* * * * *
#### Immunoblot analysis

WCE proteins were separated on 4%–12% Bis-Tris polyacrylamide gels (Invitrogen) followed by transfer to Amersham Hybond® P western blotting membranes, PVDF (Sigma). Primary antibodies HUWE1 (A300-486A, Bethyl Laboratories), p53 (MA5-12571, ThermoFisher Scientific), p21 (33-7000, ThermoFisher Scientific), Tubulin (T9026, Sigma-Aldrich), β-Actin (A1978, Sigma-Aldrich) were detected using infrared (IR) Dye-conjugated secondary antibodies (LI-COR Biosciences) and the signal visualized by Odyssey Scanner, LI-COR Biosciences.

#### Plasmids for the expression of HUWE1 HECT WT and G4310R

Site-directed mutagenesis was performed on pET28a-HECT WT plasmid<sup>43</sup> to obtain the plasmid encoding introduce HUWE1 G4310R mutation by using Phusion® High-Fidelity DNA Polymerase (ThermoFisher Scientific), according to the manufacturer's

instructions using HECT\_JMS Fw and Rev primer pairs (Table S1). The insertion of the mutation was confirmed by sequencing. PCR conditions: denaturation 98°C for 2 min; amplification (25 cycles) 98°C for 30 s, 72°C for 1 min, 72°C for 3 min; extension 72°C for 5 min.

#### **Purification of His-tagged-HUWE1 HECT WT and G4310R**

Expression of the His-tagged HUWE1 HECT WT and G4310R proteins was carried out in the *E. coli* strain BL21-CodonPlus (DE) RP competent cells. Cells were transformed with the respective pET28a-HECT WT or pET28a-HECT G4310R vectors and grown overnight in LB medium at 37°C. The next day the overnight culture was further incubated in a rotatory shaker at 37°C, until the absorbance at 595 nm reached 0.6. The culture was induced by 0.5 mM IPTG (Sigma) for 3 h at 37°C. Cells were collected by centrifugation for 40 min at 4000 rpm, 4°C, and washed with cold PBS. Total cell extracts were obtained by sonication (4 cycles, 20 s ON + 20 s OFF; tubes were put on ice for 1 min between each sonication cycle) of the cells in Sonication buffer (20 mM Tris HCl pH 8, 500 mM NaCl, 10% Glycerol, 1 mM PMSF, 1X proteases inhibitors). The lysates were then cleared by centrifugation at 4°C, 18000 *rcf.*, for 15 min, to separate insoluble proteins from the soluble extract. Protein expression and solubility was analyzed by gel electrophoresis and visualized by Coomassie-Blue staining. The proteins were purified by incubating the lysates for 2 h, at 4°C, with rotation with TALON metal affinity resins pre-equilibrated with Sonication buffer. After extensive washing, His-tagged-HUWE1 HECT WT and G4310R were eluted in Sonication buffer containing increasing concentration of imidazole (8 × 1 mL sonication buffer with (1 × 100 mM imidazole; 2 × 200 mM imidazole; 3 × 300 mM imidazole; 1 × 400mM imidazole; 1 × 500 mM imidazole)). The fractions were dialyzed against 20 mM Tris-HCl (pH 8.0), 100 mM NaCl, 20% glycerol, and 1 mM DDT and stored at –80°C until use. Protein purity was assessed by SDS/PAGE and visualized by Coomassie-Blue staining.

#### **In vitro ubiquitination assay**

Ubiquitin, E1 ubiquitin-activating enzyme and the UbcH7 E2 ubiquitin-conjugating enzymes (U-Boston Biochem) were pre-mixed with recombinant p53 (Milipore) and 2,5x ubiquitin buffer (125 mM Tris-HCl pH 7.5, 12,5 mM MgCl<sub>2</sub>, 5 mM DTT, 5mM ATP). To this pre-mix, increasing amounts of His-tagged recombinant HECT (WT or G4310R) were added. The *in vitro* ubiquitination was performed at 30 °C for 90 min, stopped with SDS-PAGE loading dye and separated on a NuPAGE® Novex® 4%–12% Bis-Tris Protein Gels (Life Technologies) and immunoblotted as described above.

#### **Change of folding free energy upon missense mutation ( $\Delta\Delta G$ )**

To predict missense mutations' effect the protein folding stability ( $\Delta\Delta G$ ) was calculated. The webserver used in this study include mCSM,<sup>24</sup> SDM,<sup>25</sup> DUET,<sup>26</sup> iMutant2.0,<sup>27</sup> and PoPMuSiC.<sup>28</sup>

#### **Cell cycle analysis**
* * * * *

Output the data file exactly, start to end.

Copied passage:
#### Immunoblot analysis

WCE proteins were separated on 4%–12% Bis-Tris polyacrylamide gels (Invitrogen) followed by transfer to Amersham Hybond® P western blotting membranes, PVDF (Sigma). Primary antibodies HUWE1 (A300-486A, Bethyl Laboratories), p53 (MA5-12571, ThermoFisher Scientific), p21 (33-7000, ThermoFisher Scientific), Tubulin (T9026, Sigma-Aldrich), β-Actin (A1978, Sigma-Aldrich) were detected using infrared (IR) Dye-conjugated secondary antibodies (LI-COR Biosciences) and the signal visualized by Odyssey Scanner, LI-COR Biosciences.

#### Plasmids for the expression of HUWE1 HECT WT and G4310R

Site-directed mutagenesis was performed on pET28a-HECT WT plasmid<sup>43</sup> to obtain the plasmid encoding introduce HUWE1 G4310R mutation by using Phusion® High-Fidelity DNA Polymerase (ThermoFisher Scientific), according to the manufacturer's

instructions using HECT\_JMS Fw and Rev primer pairs (Table S1). The insertion of the mutation was confirmed by sequencing. PCR conditions: denaturation 98°C for 2 min; amplification (25 cycles) 98°C for 30 s, 72°C for 1 min, 72°C for 3 min; extension 72°C for 5 min.

#### **Purification of His-tagged-HUWE1 HECT WT and G4310R**

Expression of the His-tagged HUWE1 HECT WT and G4310R proteins was carried out in the *E. coli* strain BL21-CodonPlus (DE) RP competent cells. Cells were transformed with the respective pET28a-HECT WT or pET28a-HECT G4310R vectors and grown overnight in LB medium at 37°C. The next day the overnight culture was further incubated in a rotatory shaker at 37°C, until the absorbance at 595 nm reached 0.6. The culture was induced by 0.5 mM IPTG (Sigma) for 3 h at 37°C. Cells were collected by centrifugation for 40 min at 4000 rpm, 4°C, and washed with cold PBS. Total cell extracts were obtained by sonication (4 cycles, 20 s ON + 20 s OFF; tubes were put on ice for 1 min between each sonication cycle) of the cells in Sonication buffer (20 mM Tris HCl pH 8, 500 mM NaCl, 10% Glycerol, 1 mM PMSF, 1X proteases inhibitors). The lysates were then cleared by centrifugation at 4°C, 18000 *rcf.*, for 15 min, to separate insoluble proteins from the soluble extract. Protein expression and solubility was analyzed by gel electrophoresis and visualized by Coomassie-Blue staining. The proteins were purified by incubating the lysates for 2 h, at 4°C, with rotation with TALON metal affinity resins pre-equilibrated with Sonication buffer. After extensive washing, His-tagged-HUWE1 HECT WT and G4310R were eluted in Sonication buffer containing increasing concentration of imidazole (8 × 1 mL sonication buffer with (1 × 100 mM imidazole; 2 × 200 mM imidazole; 3 × 300 mM imidazole; 1 × 400mM imidazole; 1 × 500 mM imidazole)). The fractions were dialyzed against 20 mM Tris-HCl (pH 8.0), 100 mM NaCl, 20% glycerol, and 1 mM DDT and stored at –80°C until use. Protein purity was assessed by SDS/PAGE and visualized by Coomassie-Blue staining.

#### **In vitro ubiquitination assay**

Ubiquitin, E1 ubiquitin-activating enzyme and the UbcH7 E2 ubiquitin-conjugating enzymes (U-Boston Biochem) were pre-mixed with recombinant p53 (Milipore) and 2,5x ubiquitin buffer (125 mM Tris-HCl pH 7.5, 12,5 mM MgCl<sub>2</sub>, 5 mM DTT, 5mM ATP). To this pre-mix, increasing amounts of His-tagged recombinant HECT (WT or G4310R) were added. The *in vitro* ubiquitination was performed at 30 °C for 90 min, stopped with SDS-PAGE loading dye and separated on a NuPAGE® Novex® 4%–12% Bis-Tris Protein Gels (Life Technologies) and immunoblotted as described above.

#### **Change of folding free energy upon missense mutation ( $\Delta\Delta G$ )**

To predict missense mutations' effect the protein folding stability ( $\Delta\Delta G$ ) was calculated. The webserver used in this study include mCSM,<sup>24</sup> SDM,<sup>25</sup> DUET,<sup>26</sup> iMutant2.0,<sup>27</sup> and PoPMuSiC.<sup>28</sup>

#### **Cell cycle analysis**